Up until now, the response to the Coronavirus has been largely uniform. While there were some variances between states, the country for the most part had locked down, and people were following social distancing guidelines.
However, as we get into the summer months, that uniformity has fractured. Some states have opened up completely, while others are mulling the extension of lockdown periods. While meat companies never really shut down except for emergency cases, there are hard choices that every leader is going to have to make in the coming weeks or months.
How long do we maintain social distancing in the plant? How long will we do daily temperature checks? When will the staff that have been working from home come back to the office? Will they ever come back to the office?
If you run a retail store, the questions multiply. When will we fully open the store to unregulated customer traffic? Will we maintain mask policies for our customers? Will we continue to offer curbside delivery options?
In short, when will things go back to normal?!?
The short and ugly answer is that things may not get back to normal — at least, not until there is a vaccine that is widely available. That is months, if not a year, away. Until then, every individual business will have to face the difficult questions of how it will maintain operations.
You will have to use your best judgment to decide how long these temporary policies last, or if the temporary policies become permanent policies. Do not let your employees or your customers push you into making decisions that you don’t want to make. There will be blowback either way. There is a #BoycottCostco movement because Costco is refusing to allow customers without masks enter their stores. The movement is small and hasn’t had much of an impact, but there are people out there who will refuse to enter into a store of they have to wear a mask or walk one way down a certain aisle. Likewise, there are people who have unleashed online vitriol on restaurants that have opened back up with full seating and no social distancing.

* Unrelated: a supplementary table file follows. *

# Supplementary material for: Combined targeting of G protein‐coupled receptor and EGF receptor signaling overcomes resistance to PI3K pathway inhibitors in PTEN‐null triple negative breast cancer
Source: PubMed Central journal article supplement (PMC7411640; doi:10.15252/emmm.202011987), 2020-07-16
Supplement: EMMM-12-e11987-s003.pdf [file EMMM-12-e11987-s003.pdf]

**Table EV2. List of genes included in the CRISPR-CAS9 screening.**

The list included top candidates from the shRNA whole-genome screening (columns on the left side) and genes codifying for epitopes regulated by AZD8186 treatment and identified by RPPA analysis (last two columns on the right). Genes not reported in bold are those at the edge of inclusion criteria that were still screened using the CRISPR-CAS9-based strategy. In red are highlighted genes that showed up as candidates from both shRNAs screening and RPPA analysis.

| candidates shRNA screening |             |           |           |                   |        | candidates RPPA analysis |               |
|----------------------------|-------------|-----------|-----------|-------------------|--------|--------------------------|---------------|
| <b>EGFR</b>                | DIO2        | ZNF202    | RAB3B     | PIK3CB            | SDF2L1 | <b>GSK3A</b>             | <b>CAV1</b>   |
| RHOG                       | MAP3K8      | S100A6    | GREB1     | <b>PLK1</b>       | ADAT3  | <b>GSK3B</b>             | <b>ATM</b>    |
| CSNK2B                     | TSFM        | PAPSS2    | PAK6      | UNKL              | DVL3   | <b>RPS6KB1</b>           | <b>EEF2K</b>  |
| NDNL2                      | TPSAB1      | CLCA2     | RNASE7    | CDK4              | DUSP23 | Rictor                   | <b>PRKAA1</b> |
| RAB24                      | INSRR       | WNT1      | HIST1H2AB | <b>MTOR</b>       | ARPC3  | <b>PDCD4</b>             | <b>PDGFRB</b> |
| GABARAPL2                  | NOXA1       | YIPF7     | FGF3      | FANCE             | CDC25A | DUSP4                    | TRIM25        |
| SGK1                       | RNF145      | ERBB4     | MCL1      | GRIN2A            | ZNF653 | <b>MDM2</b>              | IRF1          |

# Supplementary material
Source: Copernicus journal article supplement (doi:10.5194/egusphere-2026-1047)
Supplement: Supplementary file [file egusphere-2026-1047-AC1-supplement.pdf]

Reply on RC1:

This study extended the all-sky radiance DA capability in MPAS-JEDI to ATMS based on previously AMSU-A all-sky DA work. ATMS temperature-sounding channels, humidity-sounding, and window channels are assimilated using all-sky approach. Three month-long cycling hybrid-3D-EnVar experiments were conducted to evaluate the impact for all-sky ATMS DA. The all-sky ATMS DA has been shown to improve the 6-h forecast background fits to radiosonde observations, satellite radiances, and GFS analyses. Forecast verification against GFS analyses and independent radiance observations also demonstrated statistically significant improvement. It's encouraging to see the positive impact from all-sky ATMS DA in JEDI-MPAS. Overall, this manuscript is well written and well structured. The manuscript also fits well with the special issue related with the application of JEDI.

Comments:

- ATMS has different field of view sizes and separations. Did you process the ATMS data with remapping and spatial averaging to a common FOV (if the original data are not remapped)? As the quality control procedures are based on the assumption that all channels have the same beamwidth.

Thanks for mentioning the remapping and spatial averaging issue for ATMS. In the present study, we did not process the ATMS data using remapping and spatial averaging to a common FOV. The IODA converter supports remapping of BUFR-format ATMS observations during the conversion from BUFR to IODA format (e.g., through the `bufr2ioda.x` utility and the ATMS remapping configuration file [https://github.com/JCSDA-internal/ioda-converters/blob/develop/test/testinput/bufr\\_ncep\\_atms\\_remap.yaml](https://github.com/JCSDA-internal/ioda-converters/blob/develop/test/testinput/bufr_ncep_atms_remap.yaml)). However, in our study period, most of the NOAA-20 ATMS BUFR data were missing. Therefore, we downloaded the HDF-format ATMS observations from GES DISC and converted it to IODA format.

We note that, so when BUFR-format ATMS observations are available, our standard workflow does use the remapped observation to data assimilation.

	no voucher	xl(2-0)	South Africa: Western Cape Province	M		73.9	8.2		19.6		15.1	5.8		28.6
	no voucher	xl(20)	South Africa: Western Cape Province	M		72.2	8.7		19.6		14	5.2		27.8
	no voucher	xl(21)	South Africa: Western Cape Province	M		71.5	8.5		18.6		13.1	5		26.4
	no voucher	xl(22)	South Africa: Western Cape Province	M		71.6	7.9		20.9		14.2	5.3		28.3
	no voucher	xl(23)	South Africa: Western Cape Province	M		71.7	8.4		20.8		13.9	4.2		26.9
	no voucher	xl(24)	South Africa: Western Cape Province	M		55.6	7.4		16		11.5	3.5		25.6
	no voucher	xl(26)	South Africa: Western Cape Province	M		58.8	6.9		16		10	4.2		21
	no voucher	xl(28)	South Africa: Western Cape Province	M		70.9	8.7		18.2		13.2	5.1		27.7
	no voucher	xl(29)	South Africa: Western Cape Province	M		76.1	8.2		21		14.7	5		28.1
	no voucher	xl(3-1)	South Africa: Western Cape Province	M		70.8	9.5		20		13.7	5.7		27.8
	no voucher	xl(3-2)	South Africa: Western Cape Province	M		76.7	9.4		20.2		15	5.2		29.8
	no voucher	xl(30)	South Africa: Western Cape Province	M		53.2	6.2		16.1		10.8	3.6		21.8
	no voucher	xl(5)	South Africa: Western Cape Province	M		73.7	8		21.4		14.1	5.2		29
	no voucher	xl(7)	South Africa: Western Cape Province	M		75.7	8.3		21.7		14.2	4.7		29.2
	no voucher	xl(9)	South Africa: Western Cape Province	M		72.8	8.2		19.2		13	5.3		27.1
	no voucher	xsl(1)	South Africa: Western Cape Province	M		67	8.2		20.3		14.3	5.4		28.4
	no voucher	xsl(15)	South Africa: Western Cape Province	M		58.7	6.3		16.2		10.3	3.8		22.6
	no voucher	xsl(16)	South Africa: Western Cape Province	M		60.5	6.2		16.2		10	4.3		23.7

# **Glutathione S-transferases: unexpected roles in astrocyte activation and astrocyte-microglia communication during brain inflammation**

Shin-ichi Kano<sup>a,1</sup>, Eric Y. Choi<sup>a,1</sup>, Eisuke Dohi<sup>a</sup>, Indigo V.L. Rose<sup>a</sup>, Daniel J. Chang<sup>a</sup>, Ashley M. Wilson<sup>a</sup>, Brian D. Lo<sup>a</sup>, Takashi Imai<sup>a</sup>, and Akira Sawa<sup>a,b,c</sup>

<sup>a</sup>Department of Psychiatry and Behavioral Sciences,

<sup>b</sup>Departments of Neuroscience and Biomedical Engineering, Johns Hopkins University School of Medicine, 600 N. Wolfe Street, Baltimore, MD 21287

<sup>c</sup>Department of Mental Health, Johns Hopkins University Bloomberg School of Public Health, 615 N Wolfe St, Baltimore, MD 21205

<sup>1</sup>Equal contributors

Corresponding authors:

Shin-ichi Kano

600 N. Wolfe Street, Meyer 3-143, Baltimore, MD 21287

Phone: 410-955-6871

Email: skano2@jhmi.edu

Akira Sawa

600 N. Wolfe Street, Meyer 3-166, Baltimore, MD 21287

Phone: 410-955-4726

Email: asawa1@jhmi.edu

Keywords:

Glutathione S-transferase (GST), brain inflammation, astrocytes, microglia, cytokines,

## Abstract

If you’re thinking that you’re damned if you do and you’re damned if you don’t, you’re probably right. If you decide to keep safety measures in place or remove them, you will be subject to criticism. Whatever you decide to do, remember that it is your choice to make. Do what makes the most sense to you that keeps people safe and your business successful. You can look at what businesses around you have done, and you can get feedback from your customers and employees. Like any critical business decision, the choice is yours to make. Prepare now on ways that your will address criticism so that you’re not caught off-guard later. IP
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